“It’s better to lie to you than disappoint your brothers.”
I read this sentence with satisfaction that my mother was now, at last, telling me the truth. All my childhood she had spouted words about being “equal” between her children, while my two younger brothers played, and my sister received preferential treats, and I simply worked: cooking, cleaning, doing the laundry, giving my brothers their baths, etc. In many ways I was their primary care giver. Dad was in the field farming, or trying some additional way to make money, mom was overwhelmed by adulthood, being a parent was impossible. So, I was expected to work. This began at age two when I had to give my baby sister her bottle. Other tasks were added so that by the summer I was thirteen, I was left in charge of my brothers, meals for us and Dad, the large garden (we canned 150 quarts of green beans that summer – all of which I picked and prepared for canning), the chickens and their eggs, and the assorted cats and dogs around the house. It was the most pleasant summer of my life. My mother was not there to scream and make messes. Her younger sister had persuaded Mom to attend summer school with her at an out-of-town college. She came home on weekends when chaos would resume.
At the time of this letter, written evidence of in equality, I was in my 50s and my brothers were in their 40s. Yet, even at that age, they could not be “disappointed.” I, on the other hand, could be lied to because………………I had been treated by her like dirt all my life. I should be used to it by now.
We never talked about it. We seldom talked, or had any contact, and NEVER talked about anything important.
When I was four, she had ordered me not to talk to her, and never gave that permission. Why should I attempt to talk to her? What would we talk about?
In the week before her death, I was 65, she reached out her hand towards me. I wondered what she was going to do. We were in a public place, so I figured she wasn’t going to hit me. At first, I was going to pull my hand away, then decided to wait and see what might happen. I was stunned when she simply held my hand in hers. She wanted to touch me. Really?
A couple days later, when she was bed-fast and nearly paralyzed, she addressed me as, “hi, Sweetie,” then forced her hand, at great effort, to hold my hand for a second time.
My world turned upside down.
For the first time I was able to stand outside my pain (which began at least when I was two and realized that my existence had ruined her life, but didn’t know how to end my existence) and see her pain – dumpt on her when she was three or four. Her mother had been so depressed she could not get up out of bed to take care of her little girl and brother. She was depressed because life was dumpt on her when she was eight and her mother died. Then, she was expected to fill in and do her mother’s chores.
The chain of pain goes back another generation when her own mother was deprived of her mother at age ten. Every generation the devastating pain smashed the children at a younger and younger age: ten, eight, four, two. Different possibilities were open to me.
At two and a half, I began to run away from home. No one was worried, tho, because I only went to my father’s mother’s house – not quite half a mile away across the pasture. There, I was welcomed, nurtured and nourished. Also there, was my great granpa Herrmann who delighted in my mere existence.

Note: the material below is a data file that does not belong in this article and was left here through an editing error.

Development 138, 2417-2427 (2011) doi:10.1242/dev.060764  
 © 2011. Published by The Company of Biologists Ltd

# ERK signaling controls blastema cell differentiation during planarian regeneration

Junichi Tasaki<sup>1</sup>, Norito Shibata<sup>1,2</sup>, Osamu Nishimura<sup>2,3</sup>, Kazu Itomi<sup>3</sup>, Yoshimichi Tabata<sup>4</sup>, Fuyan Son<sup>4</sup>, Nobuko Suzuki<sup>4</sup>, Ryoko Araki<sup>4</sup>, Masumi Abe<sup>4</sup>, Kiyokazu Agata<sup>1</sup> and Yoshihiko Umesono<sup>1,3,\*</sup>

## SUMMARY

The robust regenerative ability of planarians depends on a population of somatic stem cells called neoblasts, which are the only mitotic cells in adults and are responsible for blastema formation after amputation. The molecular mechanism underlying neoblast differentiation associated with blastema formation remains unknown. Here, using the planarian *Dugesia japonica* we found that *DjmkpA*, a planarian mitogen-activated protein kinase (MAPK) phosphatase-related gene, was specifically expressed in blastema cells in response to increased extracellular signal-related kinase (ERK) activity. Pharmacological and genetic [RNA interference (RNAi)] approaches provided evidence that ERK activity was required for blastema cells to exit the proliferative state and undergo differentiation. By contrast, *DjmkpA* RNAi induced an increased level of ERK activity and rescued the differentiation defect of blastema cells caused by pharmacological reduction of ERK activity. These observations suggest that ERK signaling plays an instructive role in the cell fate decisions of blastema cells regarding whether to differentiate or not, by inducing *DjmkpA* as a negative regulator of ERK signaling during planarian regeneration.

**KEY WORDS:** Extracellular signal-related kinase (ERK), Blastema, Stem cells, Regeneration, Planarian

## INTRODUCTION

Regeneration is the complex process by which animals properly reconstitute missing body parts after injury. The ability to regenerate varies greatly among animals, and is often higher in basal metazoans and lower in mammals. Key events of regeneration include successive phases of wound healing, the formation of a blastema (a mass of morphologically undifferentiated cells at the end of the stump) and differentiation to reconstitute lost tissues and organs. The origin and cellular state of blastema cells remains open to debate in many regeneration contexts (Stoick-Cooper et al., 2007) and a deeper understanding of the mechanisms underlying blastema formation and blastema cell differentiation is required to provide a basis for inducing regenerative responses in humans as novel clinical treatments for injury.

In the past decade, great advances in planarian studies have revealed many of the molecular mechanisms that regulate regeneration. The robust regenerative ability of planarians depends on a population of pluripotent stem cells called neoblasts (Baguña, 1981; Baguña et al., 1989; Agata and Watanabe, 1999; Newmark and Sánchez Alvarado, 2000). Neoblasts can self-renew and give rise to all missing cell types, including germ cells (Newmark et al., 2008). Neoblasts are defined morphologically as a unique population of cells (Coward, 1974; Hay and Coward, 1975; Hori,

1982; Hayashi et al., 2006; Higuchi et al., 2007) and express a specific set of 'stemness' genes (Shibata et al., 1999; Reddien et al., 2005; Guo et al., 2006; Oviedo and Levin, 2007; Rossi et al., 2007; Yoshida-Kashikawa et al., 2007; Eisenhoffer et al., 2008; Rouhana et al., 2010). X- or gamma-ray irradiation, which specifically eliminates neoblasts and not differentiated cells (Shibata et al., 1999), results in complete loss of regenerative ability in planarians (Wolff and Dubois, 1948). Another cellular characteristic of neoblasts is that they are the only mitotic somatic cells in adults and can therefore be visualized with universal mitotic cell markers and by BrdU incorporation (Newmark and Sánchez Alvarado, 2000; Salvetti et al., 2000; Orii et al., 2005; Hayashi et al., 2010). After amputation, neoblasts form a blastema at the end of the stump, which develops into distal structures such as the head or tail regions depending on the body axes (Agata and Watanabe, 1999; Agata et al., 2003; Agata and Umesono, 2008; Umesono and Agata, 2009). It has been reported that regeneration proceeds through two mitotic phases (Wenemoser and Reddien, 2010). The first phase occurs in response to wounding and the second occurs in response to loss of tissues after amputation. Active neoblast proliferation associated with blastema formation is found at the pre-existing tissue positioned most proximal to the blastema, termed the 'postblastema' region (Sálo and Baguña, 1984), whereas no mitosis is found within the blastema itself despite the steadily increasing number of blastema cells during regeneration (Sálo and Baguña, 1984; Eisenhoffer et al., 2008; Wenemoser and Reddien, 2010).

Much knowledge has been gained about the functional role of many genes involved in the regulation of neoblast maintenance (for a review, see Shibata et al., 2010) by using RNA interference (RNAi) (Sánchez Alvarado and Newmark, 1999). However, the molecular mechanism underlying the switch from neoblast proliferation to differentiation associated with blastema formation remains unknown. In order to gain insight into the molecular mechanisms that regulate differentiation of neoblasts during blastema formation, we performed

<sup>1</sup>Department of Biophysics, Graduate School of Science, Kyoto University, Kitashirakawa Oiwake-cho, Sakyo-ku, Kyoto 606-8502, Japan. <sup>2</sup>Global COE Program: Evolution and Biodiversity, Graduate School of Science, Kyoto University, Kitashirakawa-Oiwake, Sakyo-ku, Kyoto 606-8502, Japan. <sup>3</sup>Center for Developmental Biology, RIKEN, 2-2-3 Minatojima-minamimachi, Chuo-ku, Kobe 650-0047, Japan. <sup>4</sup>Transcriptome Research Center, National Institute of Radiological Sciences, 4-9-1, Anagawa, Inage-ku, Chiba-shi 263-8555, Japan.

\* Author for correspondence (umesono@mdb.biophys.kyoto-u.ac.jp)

“Where’s my boy?!” He would demand of anyone who would come to visit as soon as I was born. We were special buddies until I was five when he died.
So, I had family alternatives to my mother which the previous generations of my mother’s family did not. Also, at age seventeen, I discovered an alternative philosophy and way of life which my family did not know of. I embraced that readily.
Some of the foundational beliefs include: “The girl’s education is of more importance today than the boy’s, for she is the mother of the future race.”
“May you become learned in sciences, acquire the arts and crafts, prove to be useful members of human society and assist the progress of human civilization.”
“The first is the independent investigation of truth; for blind imitation of the past will stunt t he mind.”
“Special regard must be paid to agriculture. Although it hath been mentioned in the fifth place, unquestionably it precedeth the others.”
For a farm boy, this last was especially significant. Yest these are just some of its guiding scriptures. And, there were examples of personal behavior which I tried to emulate as much as possible. I had been doing this for about ten years, during which time I married and had children, when my daughter, four at the time, told a cousin of mine that she should be married and have children.
“Why?” Asked my cousin.
“Because it’s fun for the children.”
My daughter seriously answered. My heart melted with gratitude. Here was proof that I had transformed the pain of my childhood into happiness for my own children. My daughter wanted other children to experience of joy of childhood that she knew. Wow! So, this letter from my mother, which I still have, did not bother me. It was simply confirmation of what I had known all along, and she had denied. She did NOT treat her children equally, and felt justified (for whatever reason) in doing so.
My children know they can trust me. And they grew up knowing they were loved.